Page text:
The authors declare no competing interests.
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The IDS clade is used as outgroup and bootstrap values for the branches are shown. The representative enzymes used for structure comparison in Fig. 3 are indicated by arrows.
Extended Data Fig. 2 Examples of octocoral derived terpenoid structures sharing a common terpene carbon backbone8.
Structures marked with an asterisk have been found as both enantiomers.
Mapped transcripts (top), gene annotations (middle) and mapped long-reads (bottom) for the indicated regions are shown. a) Context of XsTC-1 from Xenia sp. b) Context of DgTC-1 from D. gigantea. c) Context of DgTC-2 from D. gigantea. All genes are coded on long eukaryotic contigs (see Supplementary Table 4) with continuous long read coverage between 60 and 130 (Oxford Nanopore for a, PacBio for b and c). While the expression of DgTC-1 and DgTC-2 is low, XsTC-1 is highly expressed. For gene IDs see Supplementary Tables 5-7. The co-occurrence of two different bases in the same position (marked by colors) results from the heterozygosity of D. gigantea and Xenia sp.
Genomic contigs from Xenia sp., Renilla muelleri and Trachythela sp. show the physical co-localization of TCs with genes coding for CYP and SHD enzymes. Genes on the Xenia scaffold that are marked in grey are either annotated as unknown proteins or show similarity to enzymes with non-biosynthetic functions. CYP = cytochrome P450 monooxygenase, IDS = isoprenyl diphosphate synthase, SDH = short-chain dehydrogenase, TC = terpene cyclase.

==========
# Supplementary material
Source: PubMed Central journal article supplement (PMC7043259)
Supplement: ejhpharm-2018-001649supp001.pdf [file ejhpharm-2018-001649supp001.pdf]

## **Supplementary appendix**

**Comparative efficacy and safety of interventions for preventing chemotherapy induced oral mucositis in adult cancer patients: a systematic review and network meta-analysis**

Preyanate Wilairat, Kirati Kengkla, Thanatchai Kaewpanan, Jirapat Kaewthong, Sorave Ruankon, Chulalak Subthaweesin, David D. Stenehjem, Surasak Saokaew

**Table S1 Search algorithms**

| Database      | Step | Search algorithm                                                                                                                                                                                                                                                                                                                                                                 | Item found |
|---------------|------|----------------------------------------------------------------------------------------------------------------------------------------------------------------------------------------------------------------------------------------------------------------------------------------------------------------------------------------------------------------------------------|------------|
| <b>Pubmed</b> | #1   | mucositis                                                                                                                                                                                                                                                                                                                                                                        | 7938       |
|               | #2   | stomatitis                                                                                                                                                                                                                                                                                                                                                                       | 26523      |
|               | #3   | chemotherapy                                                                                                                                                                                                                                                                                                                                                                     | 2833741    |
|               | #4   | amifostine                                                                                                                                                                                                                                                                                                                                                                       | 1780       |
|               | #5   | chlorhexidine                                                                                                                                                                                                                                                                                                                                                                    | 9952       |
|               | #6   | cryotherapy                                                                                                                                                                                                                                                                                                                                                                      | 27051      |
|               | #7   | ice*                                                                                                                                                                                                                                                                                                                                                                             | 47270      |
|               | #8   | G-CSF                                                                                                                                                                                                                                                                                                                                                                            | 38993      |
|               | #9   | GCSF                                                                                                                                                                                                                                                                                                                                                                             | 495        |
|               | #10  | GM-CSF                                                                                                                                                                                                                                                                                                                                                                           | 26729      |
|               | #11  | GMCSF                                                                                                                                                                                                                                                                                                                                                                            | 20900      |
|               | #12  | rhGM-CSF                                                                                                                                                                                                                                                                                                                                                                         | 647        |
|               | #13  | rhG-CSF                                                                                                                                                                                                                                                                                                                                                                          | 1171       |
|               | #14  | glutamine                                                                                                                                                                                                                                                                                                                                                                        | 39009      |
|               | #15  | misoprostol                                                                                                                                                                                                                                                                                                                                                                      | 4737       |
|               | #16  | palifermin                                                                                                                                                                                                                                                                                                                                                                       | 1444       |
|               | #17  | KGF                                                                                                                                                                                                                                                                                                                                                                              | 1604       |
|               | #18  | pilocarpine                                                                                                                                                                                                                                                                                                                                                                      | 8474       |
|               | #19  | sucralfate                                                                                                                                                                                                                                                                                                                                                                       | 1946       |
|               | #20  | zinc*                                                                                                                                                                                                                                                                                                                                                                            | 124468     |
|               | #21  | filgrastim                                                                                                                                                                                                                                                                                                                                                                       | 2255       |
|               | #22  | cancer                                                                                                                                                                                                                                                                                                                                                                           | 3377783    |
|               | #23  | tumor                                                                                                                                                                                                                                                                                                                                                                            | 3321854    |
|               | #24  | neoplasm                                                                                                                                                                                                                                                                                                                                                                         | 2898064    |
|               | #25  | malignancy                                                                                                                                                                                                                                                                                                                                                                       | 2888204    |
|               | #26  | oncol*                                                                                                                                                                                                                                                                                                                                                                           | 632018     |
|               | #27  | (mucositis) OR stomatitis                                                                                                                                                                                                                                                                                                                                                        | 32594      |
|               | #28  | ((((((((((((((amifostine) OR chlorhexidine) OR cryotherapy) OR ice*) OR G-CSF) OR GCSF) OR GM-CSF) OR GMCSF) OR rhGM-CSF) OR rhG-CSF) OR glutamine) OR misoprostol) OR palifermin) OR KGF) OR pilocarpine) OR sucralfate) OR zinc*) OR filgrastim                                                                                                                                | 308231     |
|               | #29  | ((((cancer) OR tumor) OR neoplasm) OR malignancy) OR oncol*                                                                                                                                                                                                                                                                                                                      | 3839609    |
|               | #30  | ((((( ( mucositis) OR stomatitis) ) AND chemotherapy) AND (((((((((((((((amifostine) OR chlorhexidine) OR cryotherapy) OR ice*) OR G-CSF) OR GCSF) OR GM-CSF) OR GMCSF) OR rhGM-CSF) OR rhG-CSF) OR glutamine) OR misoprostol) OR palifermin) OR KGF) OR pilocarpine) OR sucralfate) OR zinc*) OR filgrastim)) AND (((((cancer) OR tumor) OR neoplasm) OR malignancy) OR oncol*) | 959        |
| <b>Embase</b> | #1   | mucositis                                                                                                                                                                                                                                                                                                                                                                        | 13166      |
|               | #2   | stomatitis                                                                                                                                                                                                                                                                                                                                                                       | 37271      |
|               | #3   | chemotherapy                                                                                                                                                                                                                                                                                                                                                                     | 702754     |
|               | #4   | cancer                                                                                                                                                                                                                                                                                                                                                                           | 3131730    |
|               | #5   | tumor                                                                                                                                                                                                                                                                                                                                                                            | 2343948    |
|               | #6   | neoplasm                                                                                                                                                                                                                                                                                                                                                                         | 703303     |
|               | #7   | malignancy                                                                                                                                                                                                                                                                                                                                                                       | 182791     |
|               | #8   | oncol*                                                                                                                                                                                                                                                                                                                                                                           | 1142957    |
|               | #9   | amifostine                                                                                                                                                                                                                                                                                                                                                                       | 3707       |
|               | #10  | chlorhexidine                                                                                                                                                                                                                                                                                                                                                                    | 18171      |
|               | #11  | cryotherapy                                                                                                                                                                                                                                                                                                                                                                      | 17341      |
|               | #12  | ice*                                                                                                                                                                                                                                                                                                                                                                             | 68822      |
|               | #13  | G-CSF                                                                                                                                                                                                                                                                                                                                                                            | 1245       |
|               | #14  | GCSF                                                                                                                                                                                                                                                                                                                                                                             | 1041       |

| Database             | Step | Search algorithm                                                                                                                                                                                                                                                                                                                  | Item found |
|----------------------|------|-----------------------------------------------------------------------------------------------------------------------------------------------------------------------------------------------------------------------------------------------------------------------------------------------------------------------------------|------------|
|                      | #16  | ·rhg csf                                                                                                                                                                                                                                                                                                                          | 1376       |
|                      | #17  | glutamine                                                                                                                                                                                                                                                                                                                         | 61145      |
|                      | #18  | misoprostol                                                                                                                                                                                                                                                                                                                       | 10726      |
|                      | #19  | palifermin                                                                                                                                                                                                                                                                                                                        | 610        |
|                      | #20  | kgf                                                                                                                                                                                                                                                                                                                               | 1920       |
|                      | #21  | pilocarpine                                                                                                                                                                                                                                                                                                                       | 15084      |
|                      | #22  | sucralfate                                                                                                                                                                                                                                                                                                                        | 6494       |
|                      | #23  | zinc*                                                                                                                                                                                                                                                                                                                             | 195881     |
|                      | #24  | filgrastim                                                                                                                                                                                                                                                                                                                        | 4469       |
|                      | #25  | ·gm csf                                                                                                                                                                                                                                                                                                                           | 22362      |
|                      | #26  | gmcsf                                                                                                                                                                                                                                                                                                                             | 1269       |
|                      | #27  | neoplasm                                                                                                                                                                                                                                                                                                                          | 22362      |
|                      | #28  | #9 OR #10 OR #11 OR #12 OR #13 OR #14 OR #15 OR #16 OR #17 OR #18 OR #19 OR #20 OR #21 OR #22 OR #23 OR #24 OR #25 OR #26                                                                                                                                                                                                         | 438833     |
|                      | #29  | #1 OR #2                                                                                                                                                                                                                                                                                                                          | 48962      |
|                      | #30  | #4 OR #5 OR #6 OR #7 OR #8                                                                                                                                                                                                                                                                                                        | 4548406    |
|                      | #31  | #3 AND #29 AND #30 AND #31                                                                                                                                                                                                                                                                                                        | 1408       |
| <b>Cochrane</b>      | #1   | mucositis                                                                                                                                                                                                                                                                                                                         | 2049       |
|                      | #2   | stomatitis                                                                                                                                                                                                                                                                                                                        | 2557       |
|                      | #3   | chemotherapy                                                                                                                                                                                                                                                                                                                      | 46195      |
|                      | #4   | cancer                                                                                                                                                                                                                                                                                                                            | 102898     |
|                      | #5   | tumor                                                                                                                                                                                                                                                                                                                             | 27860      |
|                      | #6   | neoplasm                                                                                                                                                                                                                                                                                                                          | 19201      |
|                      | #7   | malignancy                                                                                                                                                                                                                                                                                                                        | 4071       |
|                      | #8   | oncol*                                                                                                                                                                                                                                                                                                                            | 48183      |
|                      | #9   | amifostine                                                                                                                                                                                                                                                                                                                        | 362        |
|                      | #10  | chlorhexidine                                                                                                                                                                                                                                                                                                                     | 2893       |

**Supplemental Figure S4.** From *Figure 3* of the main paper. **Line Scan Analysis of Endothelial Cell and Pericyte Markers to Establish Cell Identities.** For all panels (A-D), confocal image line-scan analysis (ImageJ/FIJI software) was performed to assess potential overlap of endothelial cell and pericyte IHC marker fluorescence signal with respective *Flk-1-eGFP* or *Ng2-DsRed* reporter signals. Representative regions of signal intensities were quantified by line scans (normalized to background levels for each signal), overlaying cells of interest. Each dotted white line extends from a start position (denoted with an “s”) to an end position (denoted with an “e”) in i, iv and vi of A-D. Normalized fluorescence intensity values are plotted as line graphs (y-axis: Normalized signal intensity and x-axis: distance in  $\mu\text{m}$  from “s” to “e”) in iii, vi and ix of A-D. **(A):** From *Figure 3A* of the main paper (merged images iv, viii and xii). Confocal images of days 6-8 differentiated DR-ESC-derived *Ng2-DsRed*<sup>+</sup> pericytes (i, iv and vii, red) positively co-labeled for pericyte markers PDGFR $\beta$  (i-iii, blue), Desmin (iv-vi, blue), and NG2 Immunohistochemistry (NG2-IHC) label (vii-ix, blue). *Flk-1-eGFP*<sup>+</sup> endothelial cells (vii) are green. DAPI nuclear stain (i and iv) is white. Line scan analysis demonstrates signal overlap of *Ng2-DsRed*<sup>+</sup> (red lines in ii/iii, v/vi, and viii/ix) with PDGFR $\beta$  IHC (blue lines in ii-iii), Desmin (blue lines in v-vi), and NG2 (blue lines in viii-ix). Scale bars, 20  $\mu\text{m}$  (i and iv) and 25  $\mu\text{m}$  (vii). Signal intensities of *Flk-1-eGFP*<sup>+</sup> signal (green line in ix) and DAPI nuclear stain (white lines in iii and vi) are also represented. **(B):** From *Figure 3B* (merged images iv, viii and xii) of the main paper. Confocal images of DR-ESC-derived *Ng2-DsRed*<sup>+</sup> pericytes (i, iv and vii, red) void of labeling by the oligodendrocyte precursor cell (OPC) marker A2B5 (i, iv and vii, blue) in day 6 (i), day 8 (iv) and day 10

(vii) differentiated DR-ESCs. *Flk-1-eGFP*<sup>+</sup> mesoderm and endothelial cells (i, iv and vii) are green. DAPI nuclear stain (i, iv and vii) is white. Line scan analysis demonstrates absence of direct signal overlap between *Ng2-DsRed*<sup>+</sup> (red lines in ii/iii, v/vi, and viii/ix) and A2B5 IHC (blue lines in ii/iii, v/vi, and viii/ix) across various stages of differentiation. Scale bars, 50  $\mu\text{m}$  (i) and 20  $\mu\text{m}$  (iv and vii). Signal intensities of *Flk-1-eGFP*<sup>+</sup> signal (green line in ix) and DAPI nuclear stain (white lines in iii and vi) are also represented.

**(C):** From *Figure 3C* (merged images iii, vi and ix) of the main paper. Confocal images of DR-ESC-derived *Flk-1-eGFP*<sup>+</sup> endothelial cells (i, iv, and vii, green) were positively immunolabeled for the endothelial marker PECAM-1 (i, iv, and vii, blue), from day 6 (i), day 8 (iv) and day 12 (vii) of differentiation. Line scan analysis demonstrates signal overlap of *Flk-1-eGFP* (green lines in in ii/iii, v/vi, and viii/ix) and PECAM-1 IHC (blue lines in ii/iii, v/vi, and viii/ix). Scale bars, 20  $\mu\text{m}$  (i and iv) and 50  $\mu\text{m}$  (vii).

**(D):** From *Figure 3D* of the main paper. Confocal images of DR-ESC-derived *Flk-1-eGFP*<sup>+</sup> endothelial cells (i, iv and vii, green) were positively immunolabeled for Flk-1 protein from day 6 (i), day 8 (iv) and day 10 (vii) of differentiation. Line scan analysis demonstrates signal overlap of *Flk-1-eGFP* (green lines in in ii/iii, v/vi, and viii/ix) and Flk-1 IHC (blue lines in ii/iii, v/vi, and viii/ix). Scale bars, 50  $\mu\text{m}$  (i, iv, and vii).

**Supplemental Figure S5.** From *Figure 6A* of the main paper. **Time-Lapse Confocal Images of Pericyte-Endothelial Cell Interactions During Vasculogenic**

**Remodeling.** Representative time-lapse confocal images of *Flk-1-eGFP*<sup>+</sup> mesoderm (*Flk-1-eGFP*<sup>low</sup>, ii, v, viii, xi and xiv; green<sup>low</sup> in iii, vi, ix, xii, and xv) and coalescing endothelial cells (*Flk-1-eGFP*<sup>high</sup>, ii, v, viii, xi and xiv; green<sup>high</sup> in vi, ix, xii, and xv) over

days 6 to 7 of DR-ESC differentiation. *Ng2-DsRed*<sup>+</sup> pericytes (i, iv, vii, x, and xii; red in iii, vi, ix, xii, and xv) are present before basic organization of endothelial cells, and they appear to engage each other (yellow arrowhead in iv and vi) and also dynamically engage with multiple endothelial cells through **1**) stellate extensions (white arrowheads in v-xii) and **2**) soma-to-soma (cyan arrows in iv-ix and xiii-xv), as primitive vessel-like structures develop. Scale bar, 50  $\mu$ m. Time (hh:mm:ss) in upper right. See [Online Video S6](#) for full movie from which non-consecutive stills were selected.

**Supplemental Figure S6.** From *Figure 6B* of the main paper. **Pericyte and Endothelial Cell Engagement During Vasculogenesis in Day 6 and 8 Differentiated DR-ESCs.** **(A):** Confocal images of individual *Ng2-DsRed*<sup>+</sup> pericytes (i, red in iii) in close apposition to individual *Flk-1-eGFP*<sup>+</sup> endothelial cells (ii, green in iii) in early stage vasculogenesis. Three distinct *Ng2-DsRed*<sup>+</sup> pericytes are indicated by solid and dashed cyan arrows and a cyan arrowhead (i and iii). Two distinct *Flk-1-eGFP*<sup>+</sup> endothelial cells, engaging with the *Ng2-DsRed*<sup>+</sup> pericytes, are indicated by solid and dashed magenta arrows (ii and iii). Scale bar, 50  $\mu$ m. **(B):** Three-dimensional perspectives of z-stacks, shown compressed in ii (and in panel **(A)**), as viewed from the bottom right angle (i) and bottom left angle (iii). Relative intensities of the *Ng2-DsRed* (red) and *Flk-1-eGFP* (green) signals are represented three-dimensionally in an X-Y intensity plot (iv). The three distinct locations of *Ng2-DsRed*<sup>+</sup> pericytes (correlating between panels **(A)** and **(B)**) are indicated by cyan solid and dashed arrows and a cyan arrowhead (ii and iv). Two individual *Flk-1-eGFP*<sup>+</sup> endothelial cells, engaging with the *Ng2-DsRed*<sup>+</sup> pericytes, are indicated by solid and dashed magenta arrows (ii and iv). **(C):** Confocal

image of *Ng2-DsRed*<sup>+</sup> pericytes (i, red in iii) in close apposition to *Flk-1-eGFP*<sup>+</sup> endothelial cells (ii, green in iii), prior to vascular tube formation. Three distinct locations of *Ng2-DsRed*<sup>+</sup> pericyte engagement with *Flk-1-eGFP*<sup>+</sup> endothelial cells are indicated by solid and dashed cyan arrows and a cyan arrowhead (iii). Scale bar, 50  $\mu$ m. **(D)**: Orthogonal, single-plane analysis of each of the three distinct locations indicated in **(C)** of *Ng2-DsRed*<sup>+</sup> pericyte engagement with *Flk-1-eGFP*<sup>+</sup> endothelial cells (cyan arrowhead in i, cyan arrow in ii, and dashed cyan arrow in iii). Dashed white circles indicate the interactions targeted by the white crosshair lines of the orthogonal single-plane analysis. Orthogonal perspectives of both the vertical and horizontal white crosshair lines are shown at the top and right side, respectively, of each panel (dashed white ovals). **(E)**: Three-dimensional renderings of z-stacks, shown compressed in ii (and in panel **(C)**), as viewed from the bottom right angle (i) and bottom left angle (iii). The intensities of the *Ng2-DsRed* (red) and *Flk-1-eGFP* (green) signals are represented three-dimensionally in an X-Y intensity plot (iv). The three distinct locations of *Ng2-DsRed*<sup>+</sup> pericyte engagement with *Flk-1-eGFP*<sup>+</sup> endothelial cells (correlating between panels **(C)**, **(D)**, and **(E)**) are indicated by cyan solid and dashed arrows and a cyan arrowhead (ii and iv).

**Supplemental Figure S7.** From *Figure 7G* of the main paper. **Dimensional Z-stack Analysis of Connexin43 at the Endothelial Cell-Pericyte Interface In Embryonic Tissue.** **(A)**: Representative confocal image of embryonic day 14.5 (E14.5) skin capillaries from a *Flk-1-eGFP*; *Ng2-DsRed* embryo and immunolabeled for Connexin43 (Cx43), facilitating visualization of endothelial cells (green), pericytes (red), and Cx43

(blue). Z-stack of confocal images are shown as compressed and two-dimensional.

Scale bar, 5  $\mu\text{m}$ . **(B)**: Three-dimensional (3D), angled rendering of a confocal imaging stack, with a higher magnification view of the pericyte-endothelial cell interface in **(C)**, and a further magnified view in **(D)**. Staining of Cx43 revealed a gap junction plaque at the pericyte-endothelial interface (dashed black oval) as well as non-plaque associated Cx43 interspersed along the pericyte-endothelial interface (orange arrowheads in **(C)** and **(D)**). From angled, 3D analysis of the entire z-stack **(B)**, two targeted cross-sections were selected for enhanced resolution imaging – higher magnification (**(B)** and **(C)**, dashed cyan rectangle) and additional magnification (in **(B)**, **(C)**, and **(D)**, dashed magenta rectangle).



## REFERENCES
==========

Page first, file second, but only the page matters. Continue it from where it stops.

A: Putative terpenoid cluster including Cytochrome P450 genes and short chain dehydrogenase genes additionally to the characterized terpene cyclase XsTC-1, which produces 7. B: Putative overview how different compounds isolated from Xenia spp. and closely related corals could be explained from 7 using CYP and SHD chemistry. The oxidative cleavage of the cyclobutene ring in 7 has been proposed in the literature28. The end points of these putative biochemical pathways all represent isolated molecules from different Xenia spp8. and could all result from CYP and SDH chemistry following the outlined scheme. Acylations and methylations are also observed in some compounds but could be the result of non-clustered specific or promiscuous enzymatic activity. CYP = cytochrome P450 monooxygenase, IDS = isoprenyl diphosphate synthase, SDH = short-chain dehydrogenase, TC = terpene cyclase, MT = methyl transferase, AT = acyl transferase.
Signals for capnellene (11), capnellene-8β,10α-diol (12) and putative terpenoid compounds are labeled.
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Burkhardt, I., de Rond, T., Chen, P.YT. et al. Ancient plant-like terpene biosynthesis in corals. Nat Chem Biol 18, 664–669 (2022). https://doi.org/10.1038/s41589-022-01026-2
Nature Chemical Biology (2022)